Marvel successfully diversifies its portfolio with funny, clever 'Ant-Man'
Marvel successfully diversifies its portfolio with funny, clever ‘Ant-Man’

If Marvel was ever poised to finally screw up, it was going to be with “Ant-Man.” The premise is pretty goofy with a character dug from the comic book archives who has the power to shrink to a nearly imperceptible size and communicate with ants. It’s tough to imagine a lot of scenarios where that skill set would be vital to saving the world.

To make matters worse, “Ant-Man” toiled in development hell after geek-auteur Edgar Wright (“Shaun of the Dead”), who spent years in writing and pre-production of the film, left because of “creative differences” with the honchos at Marvel Studios. Uh-oh.

And then the guy they bring in to replace him (Peyton Reed) is a director whose up-and-down career is best known for the cheerleader flick “Bring It On.” Double uh-oh.

One upside is Marvel (with an assist from their bank account that rivals the GDP of Portugal) was able to keep Wright’s formidable cast together, led by the ever-likable Paul Rudd, who plays our hero Scott Lang, an ex-con, Robin-Hood-style burglar who reluctantly becomes the Ant-Man.

So, with the final result of all this turmoil finally hitting the big screen, all I can say is Marvel is bulletproof. “Ant-Man” is a blast. It is funny, clever and its view of the world in miniature is often spectacular.

Superhero fatigue will come (have we seen the first cracks in the armor this summer with “Avengers 2” being bested at the box office by a pack of wild dinosaurs?). Marvel is probably more aware of this than we know, so instead of just giving us more guys in costumes punching each other and knocking over buildings, they have been cunningly sliding their heroes into other film genres.

The “Captain America” movies are political thrillers, “Guardians of the Galaxy” is a space opera and “Ant-Man” is, at its core, a heist movie.

Scott is fresh out of jail and trying to walk the straight and narrow when he is recruited by the creator of the Ant-Man suit, Dr. Hank Pym (the eternal Michael Douglas). In addition to being a Cold War-era hero, Pym is also a titan of industry. At least he used to be until he was forced out of his own company by his protégé Darren Cross (a confidently menacing Corey Stoll).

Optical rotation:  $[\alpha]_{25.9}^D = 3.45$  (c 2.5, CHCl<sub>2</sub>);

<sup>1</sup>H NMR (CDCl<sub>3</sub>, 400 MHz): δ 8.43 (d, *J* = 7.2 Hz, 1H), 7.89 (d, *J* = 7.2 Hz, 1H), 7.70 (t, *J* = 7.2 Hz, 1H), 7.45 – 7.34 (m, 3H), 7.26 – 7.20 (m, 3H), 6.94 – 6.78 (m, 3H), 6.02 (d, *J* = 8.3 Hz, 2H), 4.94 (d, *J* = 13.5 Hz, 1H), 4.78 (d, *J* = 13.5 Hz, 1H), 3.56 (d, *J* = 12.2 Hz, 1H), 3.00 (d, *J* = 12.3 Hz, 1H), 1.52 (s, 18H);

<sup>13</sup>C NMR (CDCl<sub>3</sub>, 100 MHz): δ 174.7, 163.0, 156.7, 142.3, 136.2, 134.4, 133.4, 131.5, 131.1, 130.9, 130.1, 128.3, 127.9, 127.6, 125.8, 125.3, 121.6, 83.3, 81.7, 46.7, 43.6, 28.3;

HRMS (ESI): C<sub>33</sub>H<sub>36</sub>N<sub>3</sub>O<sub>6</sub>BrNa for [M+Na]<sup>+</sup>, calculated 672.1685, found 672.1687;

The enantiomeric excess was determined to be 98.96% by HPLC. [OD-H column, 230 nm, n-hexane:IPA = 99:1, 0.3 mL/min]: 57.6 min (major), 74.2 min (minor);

Following in Pym’s footsteps, Cross has developed his own shrinking technology and plans to sell an army of super-small, super-strong shrinking suits to the highest bidder.

Before this can happen, Pym, with some help from his estranged daughter, Hope (Evangeline Lily), trains Scott to become the Ant-Man to sneak into his lab, steal Cross’s suit and destroy all of his research.

The coolest part of this movie is when Scott is Ant-Man and our everyday world becomes increasingly wondrous (and dangerous) when seen through the eyes of a bug. In what other movie could a child’s playroom become the setting for an epic, climactic battle? “Ant-Man” is like “Honey, I Shrunk the Kids” on steroids.

Another cool, but subtle, effect that has become increasingly flawless is when a much-younger Michael Douglas makes an appearance during a flashback after a stop at the digitally-enhanced fountain of youth.

It’s like being in a time warp seeing Douglas stroll on screen like he just walked off the set of “Romancing the Stone.”

In the end, “Ant-Man” is just another case of Marvel successfully diversifying their portfolio; going in a new direction while staying decidedly on brand. As movies become bigger and bigger business, these are starting to look less like reviews and more like corporate earnings reports. Invest your time with “Ant-Man” and you will be more than happy with the returns.

“Ant-Man” is rated PG-13 for sci-fi action violence and some language.

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